Now, this is some refreshing sci-fi! Midnight Special starts in mid-stride, with two men hustling a cooperative young boy into the back of a ’72 Chevelle as an AMBER alert describing the trio blares in the background. The driver of the car then puts on a pair of night vision goggles, switches off the headlights, and tears off into pre-dawn darkness. It’s a badass opening sequence — and it all takes place before the title screen — but, thankfully, the movie doesn’t proceed on some mindless chase, full of gunfights, explosions, and unlikely scenarios. (That kind of faux sci-fi has been done to death.) Midnight Special instead takes the high road, adopting a deliberate, albeit slow, pace that eventually yields a unique, character-driven sci-fi/drama rather than another trope-filled sci-fi/action flick.
Writer/director Jeff Nichols, whose credits include Shotgun Stories, Take Shelter, and Mud, relies once again on Michael Shannon — one of the most interesting and expressive actors in Hollywood — as well as the American Deep South to tell a moving and meditative story. Taking cues from the sci-fi blockbusters of the 1980’s (Close Encounters, E.T., Starman, Cocoon), Midnight Special weaves together government agents, religious cult members, and a boy with seemingly “alien” abilities into an extremely suitable, though particularly subtle, tapestry. The script doesn’t spend much time explaining itself, and the dialogue doesn’t spoon-feed the audience any plot points. Viewers are forced to pay close attention if they want to put the whole story together, piece-by-piece. (And, as you surely know by now, I generally find that kind of “work” refreshing.)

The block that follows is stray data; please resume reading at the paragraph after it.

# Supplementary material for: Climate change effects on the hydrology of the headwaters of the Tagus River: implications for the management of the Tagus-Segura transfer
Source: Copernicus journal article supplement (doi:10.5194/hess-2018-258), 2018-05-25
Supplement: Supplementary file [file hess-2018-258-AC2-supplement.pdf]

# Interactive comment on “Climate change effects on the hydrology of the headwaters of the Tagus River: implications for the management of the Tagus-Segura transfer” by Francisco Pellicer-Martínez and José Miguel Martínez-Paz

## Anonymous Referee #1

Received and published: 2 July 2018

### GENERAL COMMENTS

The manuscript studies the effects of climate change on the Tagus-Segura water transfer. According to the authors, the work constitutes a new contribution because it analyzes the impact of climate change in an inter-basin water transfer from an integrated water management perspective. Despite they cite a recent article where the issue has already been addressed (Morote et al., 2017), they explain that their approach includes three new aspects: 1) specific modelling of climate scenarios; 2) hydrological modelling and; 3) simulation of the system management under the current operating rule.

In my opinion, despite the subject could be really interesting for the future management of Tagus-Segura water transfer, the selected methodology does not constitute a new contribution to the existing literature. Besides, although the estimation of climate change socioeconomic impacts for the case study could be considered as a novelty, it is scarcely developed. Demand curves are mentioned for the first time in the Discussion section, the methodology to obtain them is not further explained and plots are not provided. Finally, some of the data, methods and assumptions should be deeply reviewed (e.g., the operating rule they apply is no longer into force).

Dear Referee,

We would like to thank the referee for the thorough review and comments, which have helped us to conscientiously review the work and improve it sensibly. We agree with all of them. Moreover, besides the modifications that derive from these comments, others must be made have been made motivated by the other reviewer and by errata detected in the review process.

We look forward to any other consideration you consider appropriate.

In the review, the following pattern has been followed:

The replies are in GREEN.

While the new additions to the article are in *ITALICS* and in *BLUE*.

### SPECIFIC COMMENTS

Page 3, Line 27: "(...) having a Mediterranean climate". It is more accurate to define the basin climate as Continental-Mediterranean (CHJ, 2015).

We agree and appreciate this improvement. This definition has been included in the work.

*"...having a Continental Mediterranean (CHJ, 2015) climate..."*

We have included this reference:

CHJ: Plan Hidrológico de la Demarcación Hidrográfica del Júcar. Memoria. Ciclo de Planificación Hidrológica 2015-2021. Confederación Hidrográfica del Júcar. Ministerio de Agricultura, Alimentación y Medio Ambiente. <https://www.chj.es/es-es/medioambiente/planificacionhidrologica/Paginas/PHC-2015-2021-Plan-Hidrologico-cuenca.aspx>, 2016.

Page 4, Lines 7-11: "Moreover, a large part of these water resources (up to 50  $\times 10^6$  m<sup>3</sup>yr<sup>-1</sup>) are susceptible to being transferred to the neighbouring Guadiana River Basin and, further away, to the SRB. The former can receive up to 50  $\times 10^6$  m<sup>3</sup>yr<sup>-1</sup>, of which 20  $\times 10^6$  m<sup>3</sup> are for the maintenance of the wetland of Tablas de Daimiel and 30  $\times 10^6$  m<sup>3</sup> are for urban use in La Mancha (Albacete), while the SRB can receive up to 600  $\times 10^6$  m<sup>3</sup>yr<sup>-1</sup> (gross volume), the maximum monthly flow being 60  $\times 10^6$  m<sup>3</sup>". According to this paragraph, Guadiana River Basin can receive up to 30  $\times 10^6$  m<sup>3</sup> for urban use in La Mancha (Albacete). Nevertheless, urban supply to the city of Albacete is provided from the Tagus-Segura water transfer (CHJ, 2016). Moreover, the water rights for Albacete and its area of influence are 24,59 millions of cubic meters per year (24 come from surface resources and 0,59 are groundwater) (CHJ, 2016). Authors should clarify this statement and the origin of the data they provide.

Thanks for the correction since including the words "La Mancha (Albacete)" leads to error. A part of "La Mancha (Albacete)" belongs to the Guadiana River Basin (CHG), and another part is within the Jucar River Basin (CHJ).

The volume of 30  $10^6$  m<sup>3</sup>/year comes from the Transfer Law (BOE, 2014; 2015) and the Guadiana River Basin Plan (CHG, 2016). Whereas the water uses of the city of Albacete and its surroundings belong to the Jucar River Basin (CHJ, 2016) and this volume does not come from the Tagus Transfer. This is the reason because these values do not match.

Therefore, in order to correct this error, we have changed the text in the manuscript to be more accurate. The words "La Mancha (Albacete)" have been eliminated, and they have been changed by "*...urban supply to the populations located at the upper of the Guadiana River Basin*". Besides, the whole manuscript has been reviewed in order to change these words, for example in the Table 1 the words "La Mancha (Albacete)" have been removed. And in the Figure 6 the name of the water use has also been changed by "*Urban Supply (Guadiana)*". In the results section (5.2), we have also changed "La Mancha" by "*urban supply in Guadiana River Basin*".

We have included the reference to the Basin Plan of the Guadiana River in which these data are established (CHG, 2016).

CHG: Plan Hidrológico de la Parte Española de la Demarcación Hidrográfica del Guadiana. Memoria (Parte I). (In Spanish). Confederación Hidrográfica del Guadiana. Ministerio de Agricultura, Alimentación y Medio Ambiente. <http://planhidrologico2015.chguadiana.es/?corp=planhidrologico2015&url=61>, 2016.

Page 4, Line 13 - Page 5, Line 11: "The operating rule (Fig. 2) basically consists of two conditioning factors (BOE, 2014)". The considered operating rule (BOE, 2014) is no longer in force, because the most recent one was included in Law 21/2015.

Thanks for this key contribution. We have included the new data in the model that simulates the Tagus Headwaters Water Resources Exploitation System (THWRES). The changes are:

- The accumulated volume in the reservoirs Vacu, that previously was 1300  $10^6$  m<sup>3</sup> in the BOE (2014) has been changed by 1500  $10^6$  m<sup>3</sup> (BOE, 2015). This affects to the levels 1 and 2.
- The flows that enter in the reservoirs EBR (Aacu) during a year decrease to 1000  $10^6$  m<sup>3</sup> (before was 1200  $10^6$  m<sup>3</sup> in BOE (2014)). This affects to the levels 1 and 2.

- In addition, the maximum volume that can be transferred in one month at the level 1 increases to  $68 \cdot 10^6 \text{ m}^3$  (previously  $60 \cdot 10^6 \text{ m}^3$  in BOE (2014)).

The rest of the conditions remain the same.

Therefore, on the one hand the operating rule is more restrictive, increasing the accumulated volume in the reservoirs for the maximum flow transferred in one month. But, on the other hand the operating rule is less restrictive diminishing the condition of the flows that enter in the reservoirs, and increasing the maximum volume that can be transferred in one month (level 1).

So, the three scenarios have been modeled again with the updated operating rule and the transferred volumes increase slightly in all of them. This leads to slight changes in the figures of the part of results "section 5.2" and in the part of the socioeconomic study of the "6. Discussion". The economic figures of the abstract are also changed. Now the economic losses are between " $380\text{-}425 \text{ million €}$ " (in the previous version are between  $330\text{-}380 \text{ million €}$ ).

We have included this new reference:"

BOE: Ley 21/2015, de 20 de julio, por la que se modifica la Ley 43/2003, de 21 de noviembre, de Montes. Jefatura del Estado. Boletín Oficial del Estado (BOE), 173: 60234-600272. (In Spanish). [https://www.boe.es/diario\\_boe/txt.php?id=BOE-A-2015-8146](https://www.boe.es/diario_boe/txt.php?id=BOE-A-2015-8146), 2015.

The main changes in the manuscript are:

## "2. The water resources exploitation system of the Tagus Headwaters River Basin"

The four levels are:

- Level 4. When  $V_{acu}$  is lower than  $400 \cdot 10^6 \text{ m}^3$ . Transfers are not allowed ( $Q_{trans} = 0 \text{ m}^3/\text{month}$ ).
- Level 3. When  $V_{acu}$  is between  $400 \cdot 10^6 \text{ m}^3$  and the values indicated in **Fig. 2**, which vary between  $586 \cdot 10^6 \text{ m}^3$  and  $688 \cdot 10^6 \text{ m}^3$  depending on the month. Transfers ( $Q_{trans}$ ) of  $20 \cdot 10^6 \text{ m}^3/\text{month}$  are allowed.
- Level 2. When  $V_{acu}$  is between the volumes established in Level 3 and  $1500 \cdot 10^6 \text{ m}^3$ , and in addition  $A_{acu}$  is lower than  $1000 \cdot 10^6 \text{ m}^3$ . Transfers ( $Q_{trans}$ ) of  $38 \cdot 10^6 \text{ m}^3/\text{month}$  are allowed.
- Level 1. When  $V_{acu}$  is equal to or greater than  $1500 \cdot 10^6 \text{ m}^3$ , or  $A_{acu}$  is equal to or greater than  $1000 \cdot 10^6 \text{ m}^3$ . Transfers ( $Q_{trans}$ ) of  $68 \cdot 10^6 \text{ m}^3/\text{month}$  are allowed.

Midnight Special is worth the slow ride because it ultimately pays off with an unforgettable conclusion, unlike any I can remember from the past two decades of cinema. With this film, Nichols’ certainly solidifies his status as one of the most fascinating (and uniquely American) writer/directors working today. (Actually, I tend to believe that he’s poised to excel in every way that his predecessors — directors like Terrence Malick and David Gordon Green — have failed. [Holler at me in the comments section if you need me to explain that rather brazen comment.])
Nichols is like that rare, good friend, who actually has very thought-provoking things to say, but never talks too much — and I’m really psyched to see what he does next.
Four pot leafs out of five: